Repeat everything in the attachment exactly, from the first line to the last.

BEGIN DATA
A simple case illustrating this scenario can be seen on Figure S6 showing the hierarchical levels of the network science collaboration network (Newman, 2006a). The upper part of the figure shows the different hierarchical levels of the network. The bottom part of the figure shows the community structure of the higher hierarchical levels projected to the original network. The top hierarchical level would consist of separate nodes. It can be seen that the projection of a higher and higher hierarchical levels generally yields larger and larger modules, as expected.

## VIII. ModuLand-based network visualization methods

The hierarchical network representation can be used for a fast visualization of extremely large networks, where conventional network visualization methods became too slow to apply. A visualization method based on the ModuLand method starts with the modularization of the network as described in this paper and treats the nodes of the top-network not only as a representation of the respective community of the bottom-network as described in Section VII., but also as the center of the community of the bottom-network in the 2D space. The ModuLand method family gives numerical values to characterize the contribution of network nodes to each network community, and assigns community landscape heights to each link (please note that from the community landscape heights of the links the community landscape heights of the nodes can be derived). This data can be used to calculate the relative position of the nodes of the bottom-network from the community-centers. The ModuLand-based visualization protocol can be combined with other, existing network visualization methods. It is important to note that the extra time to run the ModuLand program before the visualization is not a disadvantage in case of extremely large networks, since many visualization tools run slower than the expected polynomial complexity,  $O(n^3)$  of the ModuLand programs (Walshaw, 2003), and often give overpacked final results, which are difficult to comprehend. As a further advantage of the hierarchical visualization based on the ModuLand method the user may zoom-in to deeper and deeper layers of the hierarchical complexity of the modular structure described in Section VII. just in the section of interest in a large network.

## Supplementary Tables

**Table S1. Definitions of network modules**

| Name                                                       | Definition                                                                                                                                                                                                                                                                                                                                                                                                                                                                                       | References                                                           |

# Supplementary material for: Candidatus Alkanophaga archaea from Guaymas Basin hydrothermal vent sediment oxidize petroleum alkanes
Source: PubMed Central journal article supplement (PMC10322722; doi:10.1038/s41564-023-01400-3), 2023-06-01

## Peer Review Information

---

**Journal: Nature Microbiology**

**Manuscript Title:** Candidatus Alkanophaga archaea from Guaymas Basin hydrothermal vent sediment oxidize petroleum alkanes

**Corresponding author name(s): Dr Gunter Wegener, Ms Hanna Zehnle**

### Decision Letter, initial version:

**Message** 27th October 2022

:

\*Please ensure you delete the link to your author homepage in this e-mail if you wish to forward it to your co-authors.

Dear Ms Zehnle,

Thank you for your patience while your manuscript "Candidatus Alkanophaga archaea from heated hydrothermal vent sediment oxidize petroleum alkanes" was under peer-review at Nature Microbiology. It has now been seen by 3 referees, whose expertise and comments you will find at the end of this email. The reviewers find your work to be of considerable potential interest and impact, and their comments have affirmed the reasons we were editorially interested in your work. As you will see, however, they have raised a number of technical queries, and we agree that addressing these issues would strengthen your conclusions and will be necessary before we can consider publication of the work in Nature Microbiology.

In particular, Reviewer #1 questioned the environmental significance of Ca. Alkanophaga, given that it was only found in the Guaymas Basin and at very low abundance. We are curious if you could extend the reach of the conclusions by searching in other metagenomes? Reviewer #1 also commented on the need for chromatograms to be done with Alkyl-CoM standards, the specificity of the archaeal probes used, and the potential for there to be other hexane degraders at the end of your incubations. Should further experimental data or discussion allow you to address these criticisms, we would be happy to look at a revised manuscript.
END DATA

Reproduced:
A simple case illustrating this scenario can be seen on Figure S6 showing the hierarchical levels of the network science collaboration network (Newman, 2006a). The upper part of the figure shows the different hierarchical levels of the network. The bottom part of the figure shows the community structure of the higher hierarchical levels projected to the original network. The top hierarchical level would consist of separate nodes. It can be seen that the projection of a higher and higher hierarchical levels generally yields larger and larger modules, as expected.

## VIII. ModuLand-based network visualization methods

The hierarchical network representation can be used for a fast visualization of extremely large networks, where conventional network visualization methods became too slow to apply. A visualization method based on the ModuLand method starts with the modularization of the network as described in this paper and treats the nodes of the top-network not only as a representation of the respective community of the bottom-network as described in Section VII., but also as the center of the community of the bottom-network in the 2D space. The ModuLand method family gives numerical values to characterize the contribution of network nodes to each network community, and assigns community landscape heights to each link (please note that from the community landscape heights of the links the community landscape heights of the nodes can be derived). This data can be used to calculate the relative position of the nodes of the bottom-network from the community-centers. The ModuLand-based visualization protocol can be combined with other, existing network visualization methods. It is important to note that the extra time to run the ModuLand program before the visualization is not a disadvantage in case of extremely large networks, since many visualization tools run slower than the expected polynomial complexity,  $O(n^3)$  of the ModuLand programs (Walshaw, 2003), and often give overpacked final results, which are difficult to comprehend. As a further advantage of the hierarchical visualization based on the ModuLand method the user may zoom-in to deeper and deeper layers of the hierarchical complexity of the modular structure described in Section VII. just in the section of interest in a large network.

## Supplementary Tables

**Table S1. Definitions of network modules**

| Name                                                       | Definition                                                                                                                                                                                                                                                                                                                                                                                                                                                                                       | References                                                           |

# Supplementary material for: Candidatus Alkanophaga archaea from Guaymas Basin hydrothermal vent sediment oxidize petroleum alkanes
Source: PubMed Central journal article supplement (PMC10322722; doi:10.1038/s41564-023-01400-3), 2023-06-01

## Peer Review Information

---

**Journal: Nature Microbiology**

**Manuscript Title:** Candidatus Alkanophaga archaea from Guaymas Basin hydrothermal vent sediment oxidize petroleum alkanes

**Corresponding author name(s): Dr Gunter Wegener, Ms Hanna Zehnle**

### Decision Letter, initial version:

**Message** 27th October 2022

:

\*Please ensure you delete the link to your author homepage in this e-mail if you wish to forward it to your co-authors.

Dear Ms Zehnle,

Thank you for your patience while your manuscript "Candidatus Alkanophaga archaea from heated hydrothermal vent sediment oxidize petroleum alkanes" was under peer-review at Nature Microbiology. It has now been seen by 3 referees, whose expertise and comments you will find at the end of this email. The reviewers find your work to be of considerable potential interest and impact, and their comments have affirmed the reasons we were editorially interested in your work. As you will see, however, they have raised a number of technical queries, and we agree that addressing these issues would strengthen your conclusions and will be necessary before we can consider publication of the work in Nature Microbiology.

In particular, Reviewer #1 questioned the environmental significance of Ca. Alkanophaga, given that it was only found in the Guaymas Basin and at very low abundance. We are curious if you could extend the reach of the conclusions by searching in other metagenomes? Reviewer #1 also commented on the need for chromatograms to be done with Alkyl-CoM standards, the specificity of the archaeal probes used, and the potential for there to be other hexane degraders at the end of your incubations. Should further experimental data or discussion allow you to address these criticisms, we would be happy to look at a revised manuscript.